For members


Acupuncture to rolfing: What your Swiss health insurance gets you (if you pay more)

If you pay for supplementary health insurance in Switzerland you can benefit from access to complementary therapies. We look at what's available and how the system works.

Acupuncture to rolfing: What your Swiss health insurance gets you (if you pay more)
What complementary therapies are available in Switzerland? Photo by Katherine Hanlon on Unsplash

Like numerous countries in Europe, health insurance in Switzerland is a compulsory coverage that all people must have.

Most Swiss insurance providers offer several options for their customers, which are separated into two categories: basic and supplementary.

Basic health insurance (KVG / LaMal) must be purchased, because it is compulsory. Supplementary insurance comes with extra benefits for healthcare but also of course an extra fee.

The franchise (or deductible) will need to be met, but thereafter, even basic insurance has you covered. It pays for medical care, prescriptions, and specialist care like eye doctors, sometimes even without  referrals from your primary care physician. Supplementary health coverage, however, gives you access to complementary therapies that can differ substantially from what basic coverage allows. 

CLICK HERE for more on health insurance in Switzerland

You have to fill out a form the insurance carrier provides and sometimes might have to undergo a health check and discuss preexisting conditions in order to see how much insurance coverage can be offered — if any at all. 

Unlike the KVG / LaMal, which must be provided to all residents regardless of their health status, insurers can deny supplementary coverage if they deem you too much of a risk.

This can happen if you have chronic illnesses or pre-existing health problems, in which case you could be either turned down or offered a policy with wavers for your specific conditions.

Each insurance company decides what coverage they will offer and what percentage they pay, depending on both your overall health at the time of enrolment, and which plan you choose. You’ll be able to read what’s included in your plan in the paperwork you receive from your health insurance and, as always, the fine print is important to read.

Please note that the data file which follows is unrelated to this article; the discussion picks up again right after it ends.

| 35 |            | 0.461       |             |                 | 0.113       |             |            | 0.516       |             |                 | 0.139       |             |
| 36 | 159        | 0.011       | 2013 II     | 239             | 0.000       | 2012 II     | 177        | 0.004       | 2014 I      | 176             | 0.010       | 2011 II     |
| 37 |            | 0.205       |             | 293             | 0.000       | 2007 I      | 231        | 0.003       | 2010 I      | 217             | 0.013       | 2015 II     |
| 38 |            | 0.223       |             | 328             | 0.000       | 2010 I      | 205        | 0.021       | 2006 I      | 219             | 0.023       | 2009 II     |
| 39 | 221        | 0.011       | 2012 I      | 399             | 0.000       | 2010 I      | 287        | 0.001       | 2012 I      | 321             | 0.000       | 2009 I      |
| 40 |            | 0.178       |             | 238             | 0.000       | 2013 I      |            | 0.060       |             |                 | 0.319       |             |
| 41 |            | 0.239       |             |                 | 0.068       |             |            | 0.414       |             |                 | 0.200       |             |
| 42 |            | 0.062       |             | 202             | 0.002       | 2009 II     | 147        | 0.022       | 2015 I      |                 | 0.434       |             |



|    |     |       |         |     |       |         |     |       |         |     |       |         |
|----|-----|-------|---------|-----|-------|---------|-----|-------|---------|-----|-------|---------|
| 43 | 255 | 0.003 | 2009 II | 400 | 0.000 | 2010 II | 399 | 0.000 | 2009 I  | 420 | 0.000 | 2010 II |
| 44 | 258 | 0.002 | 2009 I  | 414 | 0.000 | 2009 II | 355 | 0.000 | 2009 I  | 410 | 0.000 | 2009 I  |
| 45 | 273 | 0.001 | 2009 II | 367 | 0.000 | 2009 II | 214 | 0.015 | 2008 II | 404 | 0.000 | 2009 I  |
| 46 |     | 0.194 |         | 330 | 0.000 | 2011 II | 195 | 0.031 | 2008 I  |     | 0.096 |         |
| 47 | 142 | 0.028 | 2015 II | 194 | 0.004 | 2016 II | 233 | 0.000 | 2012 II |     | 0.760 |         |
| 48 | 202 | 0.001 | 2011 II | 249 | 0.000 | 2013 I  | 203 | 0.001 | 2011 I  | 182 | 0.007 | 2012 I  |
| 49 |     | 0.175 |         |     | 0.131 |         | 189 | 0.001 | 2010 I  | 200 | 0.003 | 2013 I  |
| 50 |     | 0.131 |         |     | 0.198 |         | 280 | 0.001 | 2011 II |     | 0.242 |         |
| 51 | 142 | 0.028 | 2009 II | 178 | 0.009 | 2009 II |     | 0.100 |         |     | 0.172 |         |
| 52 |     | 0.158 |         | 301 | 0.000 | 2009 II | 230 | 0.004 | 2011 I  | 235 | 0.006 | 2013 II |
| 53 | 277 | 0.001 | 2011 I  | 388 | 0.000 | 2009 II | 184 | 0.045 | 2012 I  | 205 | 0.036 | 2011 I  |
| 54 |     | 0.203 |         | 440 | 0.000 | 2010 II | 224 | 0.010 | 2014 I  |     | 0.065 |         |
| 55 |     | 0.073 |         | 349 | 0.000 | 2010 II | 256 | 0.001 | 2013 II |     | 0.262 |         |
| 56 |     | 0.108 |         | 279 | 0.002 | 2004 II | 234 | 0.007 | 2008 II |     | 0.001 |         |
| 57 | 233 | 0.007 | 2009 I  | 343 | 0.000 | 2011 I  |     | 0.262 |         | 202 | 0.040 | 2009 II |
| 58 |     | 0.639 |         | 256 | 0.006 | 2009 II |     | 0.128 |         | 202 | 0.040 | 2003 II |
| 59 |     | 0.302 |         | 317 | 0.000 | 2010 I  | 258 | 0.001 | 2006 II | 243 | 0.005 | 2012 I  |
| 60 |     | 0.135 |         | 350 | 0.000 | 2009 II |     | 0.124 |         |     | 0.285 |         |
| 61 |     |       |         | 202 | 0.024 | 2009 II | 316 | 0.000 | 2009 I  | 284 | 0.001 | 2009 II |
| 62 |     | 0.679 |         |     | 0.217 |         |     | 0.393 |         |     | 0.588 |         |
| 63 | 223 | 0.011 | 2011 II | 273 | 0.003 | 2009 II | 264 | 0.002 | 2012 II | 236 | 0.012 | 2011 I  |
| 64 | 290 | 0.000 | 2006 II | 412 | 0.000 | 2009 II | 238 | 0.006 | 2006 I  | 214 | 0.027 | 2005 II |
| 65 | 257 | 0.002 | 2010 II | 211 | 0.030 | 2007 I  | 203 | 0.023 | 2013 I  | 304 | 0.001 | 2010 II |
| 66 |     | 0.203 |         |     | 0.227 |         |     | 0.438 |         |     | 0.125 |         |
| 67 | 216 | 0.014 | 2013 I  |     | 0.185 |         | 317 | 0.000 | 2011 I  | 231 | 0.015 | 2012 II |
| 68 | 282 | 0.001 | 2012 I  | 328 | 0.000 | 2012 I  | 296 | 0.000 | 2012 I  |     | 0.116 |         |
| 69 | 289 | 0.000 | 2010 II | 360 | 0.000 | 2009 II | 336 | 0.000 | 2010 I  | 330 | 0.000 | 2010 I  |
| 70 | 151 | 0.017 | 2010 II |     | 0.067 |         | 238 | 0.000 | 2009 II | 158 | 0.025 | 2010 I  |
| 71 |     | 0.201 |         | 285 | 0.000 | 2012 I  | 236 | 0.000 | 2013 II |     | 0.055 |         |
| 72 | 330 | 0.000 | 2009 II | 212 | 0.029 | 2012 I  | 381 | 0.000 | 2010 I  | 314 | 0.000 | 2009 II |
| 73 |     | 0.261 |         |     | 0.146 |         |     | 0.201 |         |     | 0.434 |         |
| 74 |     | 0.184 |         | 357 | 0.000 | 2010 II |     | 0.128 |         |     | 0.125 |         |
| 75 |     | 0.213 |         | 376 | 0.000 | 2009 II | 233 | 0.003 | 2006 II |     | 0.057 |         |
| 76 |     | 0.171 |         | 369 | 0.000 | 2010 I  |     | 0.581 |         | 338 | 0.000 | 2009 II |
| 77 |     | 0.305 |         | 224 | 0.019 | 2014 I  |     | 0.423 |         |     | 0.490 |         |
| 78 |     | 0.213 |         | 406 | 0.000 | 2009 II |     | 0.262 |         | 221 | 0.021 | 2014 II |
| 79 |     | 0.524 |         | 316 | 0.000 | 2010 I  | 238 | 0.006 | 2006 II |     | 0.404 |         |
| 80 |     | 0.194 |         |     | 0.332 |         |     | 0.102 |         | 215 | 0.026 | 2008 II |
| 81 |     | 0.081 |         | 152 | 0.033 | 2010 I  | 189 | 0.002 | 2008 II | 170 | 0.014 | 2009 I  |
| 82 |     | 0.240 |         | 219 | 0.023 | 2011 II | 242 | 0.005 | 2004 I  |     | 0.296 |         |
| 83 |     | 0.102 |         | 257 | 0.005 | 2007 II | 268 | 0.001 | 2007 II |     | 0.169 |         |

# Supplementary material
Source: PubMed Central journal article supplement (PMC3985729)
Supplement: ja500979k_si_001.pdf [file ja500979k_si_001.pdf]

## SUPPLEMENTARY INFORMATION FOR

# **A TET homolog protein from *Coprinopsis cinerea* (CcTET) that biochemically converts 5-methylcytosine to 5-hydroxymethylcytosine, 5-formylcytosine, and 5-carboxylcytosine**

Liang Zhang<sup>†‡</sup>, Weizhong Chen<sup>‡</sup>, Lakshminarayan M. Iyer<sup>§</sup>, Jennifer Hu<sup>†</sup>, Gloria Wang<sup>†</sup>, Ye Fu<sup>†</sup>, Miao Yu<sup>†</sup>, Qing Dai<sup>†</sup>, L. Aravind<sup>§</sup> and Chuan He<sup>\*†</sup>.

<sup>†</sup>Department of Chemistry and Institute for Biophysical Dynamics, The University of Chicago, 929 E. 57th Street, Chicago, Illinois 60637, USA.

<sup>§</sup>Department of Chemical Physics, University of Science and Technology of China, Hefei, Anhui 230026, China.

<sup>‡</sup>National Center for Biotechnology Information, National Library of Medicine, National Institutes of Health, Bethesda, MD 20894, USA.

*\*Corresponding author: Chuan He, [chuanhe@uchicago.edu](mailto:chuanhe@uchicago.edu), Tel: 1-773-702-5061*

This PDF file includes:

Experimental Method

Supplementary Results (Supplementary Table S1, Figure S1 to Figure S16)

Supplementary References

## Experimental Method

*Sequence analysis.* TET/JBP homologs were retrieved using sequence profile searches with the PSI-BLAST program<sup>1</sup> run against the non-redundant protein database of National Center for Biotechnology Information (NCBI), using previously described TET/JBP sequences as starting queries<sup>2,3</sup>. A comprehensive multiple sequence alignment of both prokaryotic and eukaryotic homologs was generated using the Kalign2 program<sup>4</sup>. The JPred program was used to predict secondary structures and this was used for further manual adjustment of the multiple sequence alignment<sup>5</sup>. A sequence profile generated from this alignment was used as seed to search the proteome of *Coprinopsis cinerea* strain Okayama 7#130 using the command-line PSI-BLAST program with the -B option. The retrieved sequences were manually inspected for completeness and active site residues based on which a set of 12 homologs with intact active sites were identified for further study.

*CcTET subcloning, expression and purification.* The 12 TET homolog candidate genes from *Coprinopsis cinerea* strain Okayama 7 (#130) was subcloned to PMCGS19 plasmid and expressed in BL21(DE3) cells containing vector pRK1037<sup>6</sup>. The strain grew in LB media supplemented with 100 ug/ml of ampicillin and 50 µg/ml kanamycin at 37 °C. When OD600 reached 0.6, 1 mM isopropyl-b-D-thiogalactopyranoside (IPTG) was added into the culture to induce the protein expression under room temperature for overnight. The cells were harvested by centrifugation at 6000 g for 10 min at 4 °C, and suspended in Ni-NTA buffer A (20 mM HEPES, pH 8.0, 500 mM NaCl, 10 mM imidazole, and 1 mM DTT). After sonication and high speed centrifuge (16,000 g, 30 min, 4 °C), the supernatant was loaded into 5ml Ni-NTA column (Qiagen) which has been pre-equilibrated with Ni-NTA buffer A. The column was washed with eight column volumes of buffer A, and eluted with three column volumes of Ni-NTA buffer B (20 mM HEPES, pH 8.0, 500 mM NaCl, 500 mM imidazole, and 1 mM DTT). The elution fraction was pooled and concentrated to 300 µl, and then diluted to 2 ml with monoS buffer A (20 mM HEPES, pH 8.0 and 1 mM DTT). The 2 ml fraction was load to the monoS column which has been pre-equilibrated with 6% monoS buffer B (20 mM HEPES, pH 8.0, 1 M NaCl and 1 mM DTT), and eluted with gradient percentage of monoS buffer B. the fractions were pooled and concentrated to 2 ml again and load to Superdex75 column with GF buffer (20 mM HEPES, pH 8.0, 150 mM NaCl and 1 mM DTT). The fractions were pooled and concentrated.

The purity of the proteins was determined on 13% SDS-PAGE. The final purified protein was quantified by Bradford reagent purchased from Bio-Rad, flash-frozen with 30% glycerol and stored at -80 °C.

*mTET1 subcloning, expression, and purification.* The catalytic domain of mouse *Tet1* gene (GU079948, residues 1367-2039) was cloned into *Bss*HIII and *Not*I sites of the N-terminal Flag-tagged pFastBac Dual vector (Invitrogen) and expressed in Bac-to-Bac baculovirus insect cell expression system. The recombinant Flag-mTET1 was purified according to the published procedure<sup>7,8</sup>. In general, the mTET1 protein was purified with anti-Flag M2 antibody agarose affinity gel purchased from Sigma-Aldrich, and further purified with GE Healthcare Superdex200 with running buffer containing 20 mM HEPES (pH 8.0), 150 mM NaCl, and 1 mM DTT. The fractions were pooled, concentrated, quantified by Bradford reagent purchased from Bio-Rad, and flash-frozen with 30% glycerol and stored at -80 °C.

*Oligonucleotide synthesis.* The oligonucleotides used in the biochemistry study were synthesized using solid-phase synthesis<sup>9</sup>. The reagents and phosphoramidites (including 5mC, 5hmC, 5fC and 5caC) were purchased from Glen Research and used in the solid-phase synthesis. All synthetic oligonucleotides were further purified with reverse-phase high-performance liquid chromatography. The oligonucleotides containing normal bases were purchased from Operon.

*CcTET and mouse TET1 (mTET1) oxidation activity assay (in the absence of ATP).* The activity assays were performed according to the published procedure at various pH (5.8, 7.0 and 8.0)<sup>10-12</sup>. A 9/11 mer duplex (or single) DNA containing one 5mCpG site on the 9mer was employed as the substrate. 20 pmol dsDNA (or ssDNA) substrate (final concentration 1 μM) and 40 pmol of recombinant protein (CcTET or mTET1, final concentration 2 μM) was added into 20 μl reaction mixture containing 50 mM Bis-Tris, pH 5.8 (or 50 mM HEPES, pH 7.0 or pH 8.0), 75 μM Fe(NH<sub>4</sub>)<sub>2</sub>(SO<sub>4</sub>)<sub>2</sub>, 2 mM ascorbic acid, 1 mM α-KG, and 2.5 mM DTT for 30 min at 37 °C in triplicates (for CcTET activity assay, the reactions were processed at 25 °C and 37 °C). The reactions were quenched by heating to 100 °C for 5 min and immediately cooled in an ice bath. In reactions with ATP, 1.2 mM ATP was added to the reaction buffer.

People who only have basic KVG / LaMal insurance still have thorough coverage for many things, from standard doctor visits to in-patient care and hospital stays.

READ ALSO: What is not covered by compulsory basic health insurance in Switzerland?

What complementary treatments are available?

In Switzerland, homeopathy is included in all health insurance plans, as healthcare isn’t merely approached with classical treatments; instead, a holistic approach is applied to healthcare throughout the country. The complementary therapies available through the supplementary insurance give individuals the opportunity to play an important part in their own wellness. 

Having a supplementary insurance not only increases the financial coverage you’ll have for some of your standard medical needs, but it also brings expanded access to numerous forms of wellness therapies. The Swiss are very focused on health and wellness and it is clear through the various types of insurance available, that a primary focus is getting the population healthy and keeping it that way. This additional insurance creates a way for people to access treatments and care for their well-being which, in turn, creates a healthier population. 

Complementary therapies can include various styles of massage including, classic, manual lymph drainage, therapeutic, connective tissue, acupressure, and medical massage, among others.

There are additional treatments and therapies such as foot reflexology, osteopathy, and Rolfing (massage/treatment of connective tissues) that are included in the coverage, plus there is also access to traditional Chinese medicine including cupping (suction cups applied to your body), acupuncture, and herbal medicine. Some practitioners also offer consultations in naturopathic health, including detoxification (guided cleansing of your digestion and body), nutrition, and hydrotherapy (using the element of water as therapy).